Now isolated from the Continent and determined to ‘rule the waves’ once more, Britain looks to countries with questionable regimes to strike up business deals

Brexiter politicians have celebrated the apparent opportunities that leaving the EU will bring, particularly the advantages of free trade agreements. The new ‘Global Britain’ will no longer need to deal with Europe’s complex bureaucracy and the nation will be able to negotiate bespoke agreements which are best suited to its economy, the public has been told.

Whether this turns out to be the case remains to be seen. But there is one sector of international trade which has been give a major boost by the Government – “defence and security”, also known as the British arms trade.

Shortly after Britain voted to leave the EU, the then Prime Minister Theresa May proclaimed that “Brexit means Brexit” and that the Conservative Party would “forge a bold, new, positive role for ourselves in the world”. She then formed the Department of International Trade – which today oversees the approval of billions in arms exports.

Five “business councils” were also established, each aimed at helping to provide advice on post-Brexit business opportunities. The man picked to co-lead the council on industrial, infrastructure and manufacturing matters in 2018 was Roger Carr, chair of one of the UK’s biggest arms companies, BAE Systems. His leadership role is shared with Ian Davis, chair of Rolls-Royce, a company that supplies the engines for many of the UK’s military aircrafts.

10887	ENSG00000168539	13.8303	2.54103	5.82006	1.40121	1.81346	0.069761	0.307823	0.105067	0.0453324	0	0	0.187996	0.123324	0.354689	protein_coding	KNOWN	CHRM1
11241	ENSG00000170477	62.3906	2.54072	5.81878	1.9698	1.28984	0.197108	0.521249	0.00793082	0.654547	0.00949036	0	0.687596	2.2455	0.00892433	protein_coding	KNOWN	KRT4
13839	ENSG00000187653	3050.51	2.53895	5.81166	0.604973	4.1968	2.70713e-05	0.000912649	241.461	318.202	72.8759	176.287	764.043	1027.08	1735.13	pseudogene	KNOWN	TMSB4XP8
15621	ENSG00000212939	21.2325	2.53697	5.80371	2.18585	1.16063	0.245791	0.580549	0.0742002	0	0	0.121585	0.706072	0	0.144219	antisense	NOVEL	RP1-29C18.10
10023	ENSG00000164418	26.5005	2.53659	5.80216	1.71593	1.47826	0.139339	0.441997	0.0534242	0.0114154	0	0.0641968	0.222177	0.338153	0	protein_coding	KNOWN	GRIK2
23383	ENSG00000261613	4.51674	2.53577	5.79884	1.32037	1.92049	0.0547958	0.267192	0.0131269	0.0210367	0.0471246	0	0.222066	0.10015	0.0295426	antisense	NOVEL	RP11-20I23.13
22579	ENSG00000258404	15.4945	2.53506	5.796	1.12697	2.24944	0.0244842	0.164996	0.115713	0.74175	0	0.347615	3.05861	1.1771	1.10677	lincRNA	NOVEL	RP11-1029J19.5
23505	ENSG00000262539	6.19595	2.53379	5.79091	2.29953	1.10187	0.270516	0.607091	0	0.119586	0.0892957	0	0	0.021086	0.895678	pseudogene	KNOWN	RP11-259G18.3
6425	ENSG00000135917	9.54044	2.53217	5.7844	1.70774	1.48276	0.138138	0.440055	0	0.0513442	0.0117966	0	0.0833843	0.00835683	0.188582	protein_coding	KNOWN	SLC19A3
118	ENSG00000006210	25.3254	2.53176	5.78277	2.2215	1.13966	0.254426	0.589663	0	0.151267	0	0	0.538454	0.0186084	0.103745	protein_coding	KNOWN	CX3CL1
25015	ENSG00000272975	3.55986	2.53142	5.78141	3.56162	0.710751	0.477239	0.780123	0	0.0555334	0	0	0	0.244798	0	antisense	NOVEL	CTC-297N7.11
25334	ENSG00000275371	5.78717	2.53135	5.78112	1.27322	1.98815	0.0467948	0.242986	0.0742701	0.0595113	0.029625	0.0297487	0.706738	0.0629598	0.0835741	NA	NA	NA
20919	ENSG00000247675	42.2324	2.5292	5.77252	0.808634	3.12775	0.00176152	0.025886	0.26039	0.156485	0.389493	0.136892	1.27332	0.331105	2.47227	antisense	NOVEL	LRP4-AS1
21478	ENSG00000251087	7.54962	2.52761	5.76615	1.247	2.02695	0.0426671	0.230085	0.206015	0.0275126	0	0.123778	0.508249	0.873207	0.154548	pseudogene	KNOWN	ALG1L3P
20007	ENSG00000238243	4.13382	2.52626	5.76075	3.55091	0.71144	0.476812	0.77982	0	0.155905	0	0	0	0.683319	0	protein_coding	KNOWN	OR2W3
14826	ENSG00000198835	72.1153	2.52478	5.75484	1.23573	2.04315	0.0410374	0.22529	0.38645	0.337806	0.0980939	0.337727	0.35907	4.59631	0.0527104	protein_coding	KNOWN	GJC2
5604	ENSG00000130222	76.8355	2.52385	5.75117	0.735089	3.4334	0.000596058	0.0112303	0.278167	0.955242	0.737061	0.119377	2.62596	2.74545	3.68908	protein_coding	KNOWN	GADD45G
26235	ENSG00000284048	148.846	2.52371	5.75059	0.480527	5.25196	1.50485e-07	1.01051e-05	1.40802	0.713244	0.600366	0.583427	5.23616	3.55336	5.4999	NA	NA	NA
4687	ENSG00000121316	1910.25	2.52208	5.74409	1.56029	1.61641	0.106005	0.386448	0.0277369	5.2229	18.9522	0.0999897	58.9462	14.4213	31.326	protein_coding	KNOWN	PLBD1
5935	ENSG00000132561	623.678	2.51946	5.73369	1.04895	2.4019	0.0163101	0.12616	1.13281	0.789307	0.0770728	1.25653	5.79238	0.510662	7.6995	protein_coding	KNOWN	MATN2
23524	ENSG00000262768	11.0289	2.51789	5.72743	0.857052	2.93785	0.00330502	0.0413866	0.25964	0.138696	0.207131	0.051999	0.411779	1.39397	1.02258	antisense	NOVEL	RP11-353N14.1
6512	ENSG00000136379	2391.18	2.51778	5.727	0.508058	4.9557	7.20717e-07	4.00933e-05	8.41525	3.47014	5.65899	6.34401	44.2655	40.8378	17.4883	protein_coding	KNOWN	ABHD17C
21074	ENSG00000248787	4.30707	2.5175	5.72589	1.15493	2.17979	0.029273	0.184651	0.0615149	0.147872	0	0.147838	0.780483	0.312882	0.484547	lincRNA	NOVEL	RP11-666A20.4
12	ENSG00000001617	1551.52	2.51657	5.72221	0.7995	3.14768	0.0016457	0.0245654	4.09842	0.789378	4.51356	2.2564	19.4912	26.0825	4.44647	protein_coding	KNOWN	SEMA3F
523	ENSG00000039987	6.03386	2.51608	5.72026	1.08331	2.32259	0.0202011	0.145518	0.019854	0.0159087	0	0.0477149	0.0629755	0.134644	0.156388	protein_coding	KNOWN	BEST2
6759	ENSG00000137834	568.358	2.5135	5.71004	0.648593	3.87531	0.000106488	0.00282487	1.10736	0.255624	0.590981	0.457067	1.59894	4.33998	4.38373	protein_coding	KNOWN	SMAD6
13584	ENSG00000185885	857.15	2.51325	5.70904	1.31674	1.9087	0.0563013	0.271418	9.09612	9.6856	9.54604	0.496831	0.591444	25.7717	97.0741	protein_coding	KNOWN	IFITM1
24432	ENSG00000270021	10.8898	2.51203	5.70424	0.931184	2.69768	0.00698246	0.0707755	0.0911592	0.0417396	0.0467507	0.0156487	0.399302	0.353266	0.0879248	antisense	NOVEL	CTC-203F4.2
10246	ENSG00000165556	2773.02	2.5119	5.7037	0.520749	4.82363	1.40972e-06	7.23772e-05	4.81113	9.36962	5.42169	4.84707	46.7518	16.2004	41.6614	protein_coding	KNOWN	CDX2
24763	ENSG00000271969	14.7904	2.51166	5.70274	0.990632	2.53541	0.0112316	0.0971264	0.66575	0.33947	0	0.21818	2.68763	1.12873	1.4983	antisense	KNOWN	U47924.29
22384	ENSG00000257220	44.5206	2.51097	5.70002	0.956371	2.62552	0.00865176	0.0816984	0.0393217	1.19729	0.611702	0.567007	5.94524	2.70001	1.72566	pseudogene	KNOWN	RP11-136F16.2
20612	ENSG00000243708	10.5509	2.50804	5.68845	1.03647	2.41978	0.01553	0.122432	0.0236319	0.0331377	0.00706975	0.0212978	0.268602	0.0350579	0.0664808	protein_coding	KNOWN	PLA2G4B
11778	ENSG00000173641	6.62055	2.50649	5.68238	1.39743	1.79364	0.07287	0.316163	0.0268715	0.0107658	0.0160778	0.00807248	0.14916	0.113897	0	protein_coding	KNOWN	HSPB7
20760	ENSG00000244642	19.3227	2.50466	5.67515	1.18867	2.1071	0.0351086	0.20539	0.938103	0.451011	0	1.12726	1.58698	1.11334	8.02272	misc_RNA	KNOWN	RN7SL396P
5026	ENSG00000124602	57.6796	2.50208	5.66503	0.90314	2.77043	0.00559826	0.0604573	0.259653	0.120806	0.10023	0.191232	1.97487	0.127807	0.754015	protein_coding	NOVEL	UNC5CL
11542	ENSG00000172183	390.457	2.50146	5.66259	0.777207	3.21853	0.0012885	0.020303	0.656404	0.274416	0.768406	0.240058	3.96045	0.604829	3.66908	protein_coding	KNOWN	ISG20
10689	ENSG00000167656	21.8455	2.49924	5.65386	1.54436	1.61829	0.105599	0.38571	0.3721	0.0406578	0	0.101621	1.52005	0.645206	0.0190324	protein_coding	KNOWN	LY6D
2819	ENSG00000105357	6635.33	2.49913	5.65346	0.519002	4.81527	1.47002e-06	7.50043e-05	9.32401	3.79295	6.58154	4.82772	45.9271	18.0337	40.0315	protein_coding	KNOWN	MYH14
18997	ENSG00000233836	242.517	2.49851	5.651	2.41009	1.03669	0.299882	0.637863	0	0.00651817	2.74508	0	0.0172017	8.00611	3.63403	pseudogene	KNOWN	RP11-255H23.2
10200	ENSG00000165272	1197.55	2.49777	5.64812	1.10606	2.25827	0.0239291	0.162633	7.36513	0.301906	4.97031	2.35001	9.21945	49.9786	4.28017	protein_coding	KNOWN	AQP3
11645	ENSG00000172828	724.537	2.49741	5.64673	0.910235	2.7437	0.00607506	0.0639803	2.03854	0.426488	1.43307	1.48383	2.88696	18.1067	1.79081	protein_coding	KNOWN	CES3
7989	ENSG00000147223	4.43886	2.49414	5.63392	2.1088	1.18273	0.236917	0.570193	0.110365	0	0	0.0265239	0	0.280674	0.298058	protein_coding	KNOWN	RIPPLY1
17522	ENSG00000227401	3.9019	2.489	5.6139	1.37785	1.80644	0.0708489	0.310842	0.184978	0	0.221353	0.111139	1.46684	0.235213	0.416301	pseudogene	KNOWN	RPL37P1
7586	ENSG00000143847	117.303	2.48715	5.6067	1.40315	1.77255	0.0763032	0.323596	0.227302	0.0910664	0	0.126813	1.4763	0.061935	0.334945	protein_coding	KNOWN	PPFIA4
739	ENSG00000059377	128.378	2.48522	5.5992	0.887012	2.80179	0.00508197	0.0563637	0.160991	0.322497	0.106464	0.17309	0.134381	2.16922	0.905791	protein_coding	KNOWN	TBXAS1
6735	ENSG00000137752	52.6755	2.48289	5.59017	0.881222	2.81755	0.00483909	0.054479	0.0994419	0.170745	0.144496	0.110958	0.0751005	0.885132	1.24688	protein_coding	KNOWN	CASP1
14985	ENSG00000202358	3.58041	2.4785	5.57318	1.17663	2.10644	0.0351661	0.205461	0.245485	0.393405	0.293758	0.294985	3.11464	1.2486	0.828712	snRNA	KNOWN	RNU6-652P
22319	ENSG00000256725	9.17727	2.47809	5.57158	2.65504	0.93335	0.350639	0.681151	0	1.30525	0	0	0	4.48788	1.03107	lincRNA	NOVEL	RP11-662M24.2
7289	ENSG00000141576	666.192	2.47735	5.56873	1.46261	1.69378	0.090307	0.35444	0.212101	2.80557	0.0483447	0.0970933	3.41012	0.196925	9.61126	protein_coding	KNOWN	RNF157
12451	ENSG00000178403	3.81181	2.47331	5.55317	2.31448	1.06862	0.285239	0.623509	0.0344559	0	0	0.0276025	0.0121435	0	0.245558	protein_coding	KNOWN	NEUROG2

Unsurprisingly, the UK’s biggest post-Brexit arms trade opportunities have come in the regions which operate against all the principles that the UK claims to represent.

The Arms Flow Goes Global

Since 2018, British arms sales to human rights-abusing regimes skyrocketed.

Analysis by campaigners at the Campaign Against the Arms Trade (CAAT) found that exports to regimes that the Foreign Office called “human rights priority countries” were amounted to £173 million in 2018. But, 12 months later, that figure reached £849 million. Among the countries were Bangladesh, Israel, Colombia and Pakistan.

A total of £1.3 billion in export licences were approved for countries categorised by the US organisation Freedom House as “not free” in 2019.

This trend of British-made arms ending up in the hands of dictators and repressive regimes – despite the Government’s claims that it take arms exports “very seriously” – is likely to become the norm. Since the Brexit vote, arms-makers have been speaking with enthusiasm about how Britain leaving behind EU red tape makes arms deals outside of Europe a lot easier.

Just two months after the 2016 EU Referendum, the Aerospace, Defence, Security and Space Association – the UK’s trade body for arms companies – said that “Europe will continue to be important, but there are perhaps other areas where there is now a bigger incentive to develop longer-term relationships. Brexit provides the circumstances and the catalyst for faster and more efforts”.